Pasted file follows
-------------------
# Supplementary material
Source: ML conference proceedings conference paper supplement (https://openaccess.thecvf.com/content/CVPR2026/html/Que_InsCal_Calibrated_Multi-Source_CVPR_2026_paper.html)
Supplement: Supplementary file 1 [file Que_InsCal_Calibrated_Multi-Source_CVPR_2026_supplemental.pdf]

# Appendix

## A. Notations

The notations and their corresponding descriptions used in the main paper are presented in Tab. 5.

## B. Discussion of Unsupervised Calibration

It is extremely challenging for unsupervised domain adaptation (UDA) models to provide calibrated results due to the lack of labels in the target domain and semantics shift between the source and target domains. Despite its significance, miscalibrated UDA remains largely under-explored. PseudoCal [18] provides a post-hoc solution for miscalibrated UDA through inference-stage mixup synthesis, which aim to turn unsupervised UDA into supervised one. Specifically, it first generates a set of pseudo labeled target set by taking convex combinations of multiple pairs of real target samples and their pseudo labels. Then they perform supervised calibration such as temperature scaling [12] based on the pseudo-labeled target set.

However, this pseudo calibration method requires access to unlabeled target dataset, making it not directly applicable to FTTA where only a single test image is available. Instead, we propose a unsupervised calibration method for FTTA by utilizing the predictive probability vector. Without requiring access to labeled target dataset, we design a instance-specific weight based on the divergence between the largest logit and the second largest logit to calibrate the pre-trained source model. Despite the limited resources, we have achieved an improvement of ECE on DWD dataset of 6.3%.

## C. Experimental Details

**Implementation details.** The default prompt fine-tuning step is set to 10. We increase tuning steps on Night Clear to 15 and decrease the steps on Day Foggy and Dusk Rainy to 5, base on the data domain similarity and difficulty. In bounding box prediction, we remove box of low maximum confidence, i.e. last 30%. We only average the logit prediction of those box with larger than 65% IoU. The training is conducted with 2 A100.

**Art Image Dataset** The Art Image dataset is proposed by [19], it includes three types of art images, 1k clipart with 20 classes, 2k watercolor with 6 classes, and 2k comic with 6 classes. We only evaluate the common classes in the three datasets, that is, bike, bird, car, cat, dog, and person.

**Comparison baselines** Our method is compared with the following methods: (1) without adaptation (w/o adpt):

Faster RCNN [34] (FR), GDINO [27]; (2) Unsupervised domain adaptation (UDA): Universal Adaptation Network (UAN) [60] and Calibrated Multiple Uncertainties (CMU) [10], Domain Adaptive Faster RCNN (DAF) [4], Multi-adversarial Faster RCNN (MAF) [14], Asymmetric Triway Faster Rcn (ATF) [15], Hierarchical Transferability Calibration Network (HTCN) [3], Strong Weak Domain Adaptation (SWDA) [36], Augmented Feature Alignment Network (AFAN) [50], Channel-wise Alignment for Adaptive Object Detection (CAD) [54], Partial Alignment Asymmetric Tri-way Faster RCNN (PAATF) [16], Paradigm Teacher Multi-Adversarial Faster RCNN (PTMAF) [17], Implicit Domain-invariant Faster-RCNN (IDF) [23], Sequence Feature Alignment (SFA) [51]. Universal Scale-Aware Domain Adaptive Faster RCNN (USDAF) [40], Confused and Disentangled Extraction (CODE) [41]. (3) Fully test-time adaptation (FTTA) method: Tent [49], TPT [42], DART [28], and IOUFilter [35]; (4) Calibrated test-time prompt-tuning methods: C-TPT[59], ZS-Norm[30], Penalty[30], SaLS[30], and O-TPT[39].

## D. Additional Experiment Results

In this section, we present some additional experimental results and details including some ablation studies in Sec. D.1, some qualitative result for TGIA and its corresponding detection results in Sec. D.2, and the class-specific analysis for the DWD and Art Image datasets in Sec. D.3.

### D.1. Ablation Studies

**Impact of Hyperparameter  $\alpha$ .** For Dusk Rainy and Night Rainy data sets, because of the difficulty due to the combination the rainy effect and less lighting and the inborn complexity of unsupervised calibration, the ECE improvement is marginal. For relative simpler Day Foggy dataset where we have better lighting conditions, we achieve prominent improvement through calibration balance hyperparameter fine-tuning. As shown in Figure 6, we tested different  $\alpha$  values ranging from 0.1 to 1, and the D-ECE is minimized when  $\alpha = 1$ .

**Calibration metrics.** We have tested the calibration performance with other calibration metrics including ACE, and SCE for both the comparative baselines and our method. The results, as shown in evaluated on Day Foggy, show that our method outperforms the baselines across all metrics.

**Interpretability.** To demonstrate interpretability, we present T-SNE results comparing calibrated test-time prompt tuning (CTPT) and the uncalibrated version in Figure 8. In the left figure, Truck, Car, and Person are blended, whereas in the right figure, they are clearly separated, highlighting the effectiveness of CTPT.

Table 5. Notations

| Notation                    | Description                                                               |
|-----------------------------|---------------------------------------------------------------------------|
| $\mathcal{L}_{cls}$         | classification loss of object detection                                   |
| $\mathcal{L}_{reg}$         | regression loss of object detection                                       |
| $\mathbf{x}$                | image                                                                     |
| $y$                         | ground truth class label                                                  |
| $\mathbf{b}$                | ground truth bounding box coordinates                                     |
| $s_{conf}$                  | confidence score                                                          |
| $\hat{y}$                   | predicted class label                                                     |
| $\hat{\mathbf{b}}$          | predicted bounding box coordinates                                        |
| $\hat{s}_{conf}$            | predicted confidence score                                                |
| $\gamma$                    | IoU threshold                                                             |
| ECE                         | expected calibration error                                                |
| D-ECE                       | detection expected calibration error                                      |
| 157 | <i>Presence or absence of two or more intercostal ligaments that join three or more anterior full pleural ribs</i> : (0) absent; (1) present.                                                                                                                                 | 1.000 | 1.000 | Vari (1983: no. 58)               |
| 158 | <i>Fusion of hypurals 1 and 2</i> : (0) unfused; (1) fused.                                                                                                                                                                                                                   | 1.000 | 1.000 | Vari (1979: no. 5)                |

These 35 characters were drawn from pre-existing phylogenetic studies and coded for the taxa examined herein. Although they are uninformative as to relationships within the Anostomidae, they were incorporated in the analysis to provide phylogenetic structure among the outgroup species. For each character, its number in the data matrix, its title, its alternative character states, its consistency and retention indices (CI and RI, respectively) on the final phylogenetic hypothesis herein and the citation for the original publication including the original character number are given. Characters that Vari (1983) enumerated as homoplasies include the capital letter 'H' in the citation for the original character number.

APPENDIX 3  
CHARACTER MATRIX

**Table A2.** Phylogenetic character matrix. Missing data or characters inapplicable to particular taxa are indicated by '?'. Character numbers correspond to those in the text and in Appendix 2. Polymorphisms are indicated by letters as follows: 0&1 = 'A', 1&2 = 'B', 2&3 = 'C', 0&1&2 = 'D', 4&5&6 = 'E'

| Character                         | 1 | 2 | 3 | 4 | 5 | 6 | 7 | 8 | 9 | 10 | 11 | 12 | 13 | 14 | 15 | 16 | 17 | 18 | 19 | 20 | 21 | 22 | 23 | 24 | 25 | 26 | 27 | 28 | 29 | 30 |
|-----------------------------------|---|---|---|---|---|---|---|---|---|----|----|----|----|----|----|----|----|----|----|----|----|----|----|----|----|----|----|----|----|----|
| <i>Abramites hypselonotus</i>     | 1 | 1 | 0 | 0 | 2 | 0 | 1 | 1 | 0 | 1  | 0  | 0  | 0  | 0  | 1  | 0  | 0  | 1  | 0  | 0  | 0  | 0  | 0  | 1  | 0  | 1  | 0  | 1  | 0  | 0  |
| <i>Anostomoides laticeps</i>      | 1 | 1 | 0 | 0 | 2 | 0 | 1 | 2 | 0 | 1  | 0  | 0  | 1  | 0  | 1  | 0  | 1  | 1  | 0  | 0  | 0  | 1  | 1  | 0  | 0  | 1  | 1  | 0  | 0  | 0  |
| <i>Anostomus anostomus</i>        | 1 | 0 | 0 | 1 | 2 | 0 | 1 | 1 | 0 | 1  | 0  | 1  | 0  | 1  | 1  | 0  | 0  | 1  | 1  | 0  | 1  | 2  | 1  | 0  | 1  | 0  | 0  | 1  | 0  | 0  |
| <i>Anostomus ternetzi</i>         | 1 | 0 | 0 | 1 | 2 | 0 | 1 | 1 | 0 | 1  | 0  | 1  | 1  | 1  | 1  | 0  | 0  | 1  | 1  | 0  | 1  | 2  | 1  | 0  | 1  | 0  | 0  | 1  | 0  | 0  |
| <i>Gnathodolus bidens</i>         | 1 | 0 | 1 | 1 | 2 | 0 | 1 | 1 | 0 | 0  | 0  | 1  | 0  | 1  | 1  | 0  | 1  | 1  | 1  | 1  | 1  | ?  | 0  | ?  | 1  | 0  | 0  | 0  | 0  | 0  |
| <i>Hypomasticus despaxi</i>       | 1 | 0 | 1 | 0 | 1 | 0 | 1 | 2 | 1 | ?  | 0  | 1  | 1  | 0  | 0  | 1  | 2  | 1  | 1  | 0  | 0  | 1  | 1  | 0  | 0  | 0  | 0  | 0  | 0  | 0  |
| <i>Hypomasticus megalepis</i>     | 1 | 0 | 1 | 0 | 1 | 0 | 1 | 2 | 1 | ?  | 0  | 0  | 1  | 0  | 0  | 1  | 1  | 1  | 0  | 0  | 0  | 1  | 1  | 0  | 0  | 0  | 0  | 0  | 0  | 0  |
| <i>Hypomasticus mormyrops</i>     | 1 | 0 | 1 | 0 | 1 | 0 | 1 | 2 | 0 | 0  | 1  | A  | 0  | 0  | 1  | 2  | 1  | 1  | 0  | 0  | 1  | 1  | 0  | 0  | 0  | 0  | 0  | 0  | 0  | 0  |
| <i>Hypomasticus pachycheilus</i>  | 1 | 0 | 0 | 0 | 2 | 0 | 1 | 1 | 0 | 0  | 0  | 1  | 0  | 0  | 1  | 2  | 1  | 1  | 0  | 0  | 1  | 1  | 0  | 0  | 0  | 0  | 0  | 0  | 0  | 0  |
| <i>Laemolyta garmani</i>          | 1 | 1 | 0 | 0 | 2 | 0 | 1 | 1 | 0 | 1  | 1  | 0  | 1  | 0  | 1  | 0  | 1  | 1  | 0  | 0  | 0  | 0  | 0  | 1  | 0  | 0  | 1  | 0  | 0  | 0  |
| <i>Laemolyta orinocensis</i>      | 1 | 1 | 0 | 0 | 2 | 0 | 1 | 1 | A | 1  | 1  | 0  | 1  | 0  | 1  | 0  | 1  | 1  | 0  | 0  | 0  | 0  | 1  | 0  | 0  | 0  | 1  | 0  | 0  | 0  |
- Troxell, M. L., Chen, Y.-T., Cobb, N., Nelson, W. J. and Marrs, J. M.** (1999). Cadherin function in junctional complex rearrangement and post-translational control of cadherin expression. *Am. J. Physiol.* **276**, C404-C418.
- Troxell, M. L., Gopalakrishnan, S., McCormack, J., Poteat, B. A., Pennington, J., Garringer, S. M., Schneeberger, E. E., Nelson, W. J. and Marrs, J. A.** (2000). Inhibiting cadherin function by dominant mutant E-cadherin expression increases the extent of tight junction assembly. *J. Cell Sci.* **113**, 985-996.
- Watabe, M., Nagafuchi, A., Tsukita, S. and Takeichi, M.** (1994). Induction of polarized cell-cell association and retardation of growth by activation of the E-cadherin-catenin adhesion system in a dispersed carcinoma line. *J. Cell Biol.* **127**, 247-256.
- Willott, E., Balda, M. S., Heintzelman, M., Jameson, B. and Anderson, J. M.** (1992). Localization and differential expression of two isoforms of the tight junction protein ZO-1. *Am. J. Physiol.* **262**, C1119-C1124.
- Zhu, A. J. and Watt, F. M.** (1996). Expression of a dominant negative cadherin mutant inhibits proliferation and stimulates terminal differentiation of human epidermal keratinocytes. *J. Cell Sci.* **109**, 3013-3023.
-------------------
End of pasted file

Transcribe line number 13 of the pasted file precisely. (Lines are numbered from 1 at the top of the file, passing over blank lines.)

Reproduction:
**Comparison baselines** Our method is compared with the following methods: (1) without adaptation (w/o adpt):